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Twisted atrioventricular connections

Twisted atrioventricular connections: Introduction

Twisted atrioventricular connections: A rare congenital heart defect where the heart appears to be twisted along its longitudinal axis so that the left atrium and the right ventricle are closer to each other than normal as is the right atrium and the left ventricle. Despite this anomaly, most hearts are still able to function normally depending on the severity of the anomaly. However, most cases have other associated heart defects which can affect heart function. More detailed information about the symptoms, causes, and treatments of Twisted atrioventricular connections is available below.

Symptoms of Twisted atrioventricular connections

Home Diagnostic Testing

Home medical testing related to Twisted atrioventricular connections:

Wrongly Diagnosed with Twisted atrioventricular connections?

Twisted atrioventricular connections: Complications

Review possible medical complications related to Twisted atrioventricular connections:

Causes of Twisted atrioventricular connections

Read more about causes of Twisted atrioventricular connections.

Less Common Symptoms of Twisted atrioventricular connections

Twisted atrioventricular connections: Undiagnosed Conditions

Commonly undiagnosed diseases in related medical categories:

Misdiagnosis and Twisted atrioventricular connections

Heart attacks can be undiagnosed: Although the most severe symptoms of heart attack are hard to miss, there are varying degrees of severity. It is altogether too common more »

Heart attacks can be overdiagnosed: Although many people die from heart attacks, there are also many cases where people fear that they have a heart attack, but actually have something milder. Some of the conditions more »

Rare heart condition often undiagnosed: The rare heart condition called long QT syndrome can lead to episodes of palpitations and rapid heartbeat. In rare cases, this undiagnosed condition can be fatal. It should more »

Heart attack can be over-diagnosed: Although heart attack is often undiagnosed, leading to fatality, it can also be over-diagnosed. People more »

Blood pressure cuffs misdiagnose hypertension in children: One known misdiagnosis issue with hyperension, arises in relation to the simple equipment used to test blood pressure. The "cuff" around the arm to more »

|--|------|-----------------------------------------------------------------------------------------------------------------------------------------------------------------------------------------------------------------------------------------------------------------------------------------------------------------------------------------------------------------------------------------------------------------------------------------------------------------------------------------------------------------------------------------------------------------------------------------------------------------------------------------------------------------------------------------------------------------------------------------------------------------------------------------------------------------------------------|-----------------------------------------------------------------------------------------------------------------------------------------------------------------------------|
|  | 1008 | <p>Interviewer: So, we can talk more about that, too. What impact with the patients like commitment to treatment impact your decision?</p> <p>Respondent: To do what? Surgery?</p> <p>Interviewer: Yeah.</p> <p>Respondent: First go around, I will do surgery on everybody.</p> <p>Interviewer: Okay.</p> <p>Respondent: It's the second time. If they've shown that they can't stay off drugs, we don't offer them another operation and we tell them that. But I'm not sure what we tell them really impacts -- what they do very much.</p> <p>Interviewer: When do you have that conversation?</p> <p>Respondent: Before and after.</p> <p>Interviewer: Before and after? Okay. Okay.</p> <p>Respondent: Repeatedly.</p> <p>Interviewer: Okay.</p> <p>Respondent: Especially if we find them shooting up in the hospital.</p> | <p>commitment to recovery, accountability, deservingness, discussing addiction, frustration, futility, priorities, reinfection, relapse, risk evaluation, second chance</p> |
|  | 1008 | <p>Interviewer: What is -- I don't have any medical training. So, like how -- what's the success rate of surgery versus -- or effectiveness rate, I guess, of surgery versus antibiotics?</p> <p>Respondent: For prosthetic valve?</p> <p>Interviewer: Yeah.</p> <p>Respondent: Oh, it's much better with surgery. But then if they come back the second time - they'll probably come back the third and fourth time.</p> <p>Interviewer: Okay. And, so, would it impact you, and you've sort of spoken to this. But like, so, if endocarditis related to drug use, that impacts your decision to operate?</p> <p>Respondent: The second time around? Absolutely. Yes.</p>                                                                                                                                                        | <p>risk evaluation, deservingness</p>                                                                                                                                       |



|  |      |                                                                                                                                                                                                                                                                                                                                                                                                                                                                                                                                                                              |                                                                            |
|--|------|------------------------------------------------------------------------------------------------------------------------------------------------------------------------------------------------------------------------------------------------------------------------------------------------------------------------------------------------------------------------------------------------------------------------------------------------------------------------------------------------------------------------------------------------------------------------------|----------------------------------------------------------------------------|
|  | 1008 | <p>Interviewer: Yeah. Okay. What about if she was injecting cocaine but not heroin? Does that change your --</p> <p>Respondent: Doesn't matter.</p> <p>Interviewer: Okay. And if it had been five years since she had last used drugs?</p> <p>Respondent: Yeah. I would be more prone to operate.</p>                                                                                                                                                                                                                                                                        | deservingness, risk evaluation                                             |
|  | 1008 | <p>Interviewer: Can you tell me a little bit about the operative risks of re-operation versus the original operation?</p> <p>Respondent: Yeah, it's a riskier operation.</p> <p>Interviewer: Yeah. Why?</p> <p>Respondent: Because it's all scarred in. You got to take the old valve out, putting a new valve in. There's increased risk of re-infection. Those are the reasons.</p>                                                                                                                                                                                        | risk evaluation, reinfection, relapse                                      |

Hypertension misdiagnosis common in children: Hypertension is often misdiagnosed in adults (see misdiagnosis of hypertension), but its misdiagnosis is even more likely in children. more »

Twisted atrioventricular connections: Research Doctors & Specialists

Research related physicians and medical specialists:

Other doctor, physician and specialist research services:

Hospitals & Clinics: Twisted atrioventricular connections

Research quality ratings and patient safety measures for medical facilities in specialties related to Twisted atrioventricular connections:

Choosing the Best Hospital: More general information, not necessarily in relation to Twisted atrioventricular connections, on hospital performance and surgical care quality:

Twisted atrioventricular connections: Rare Types

Rare types of diseases and disorders in related medical categories:

Twisted atrioventricular connections: Animations

Statistics for Twisted atrioventricular connections

Twisted atrioventricular connections: Broader Related Topics

User Interactive Forums

Read about other experiences, ask a question about Twisted atrioventricular connections, or answer someone else's question, on our message boards:

Definitions of Twisted atrioventricular connections:

Ophanet, a consortium of European partners, currently defines a condition rare when it affects 1 person per 2,000. They list Twisted atrioventricular connections as a "rare disease".
Source - Orphanet

Related Twisted atrioventricular connections Info

More information about Twisted atrioventricular connections

  1. Twisted atrioventricular connections: Introduction
  2. Symptoms
  3. Causes
  4. Treatments
  5. Misdiagnosis
  6. Home Testing
  7. Types
  8. Complications

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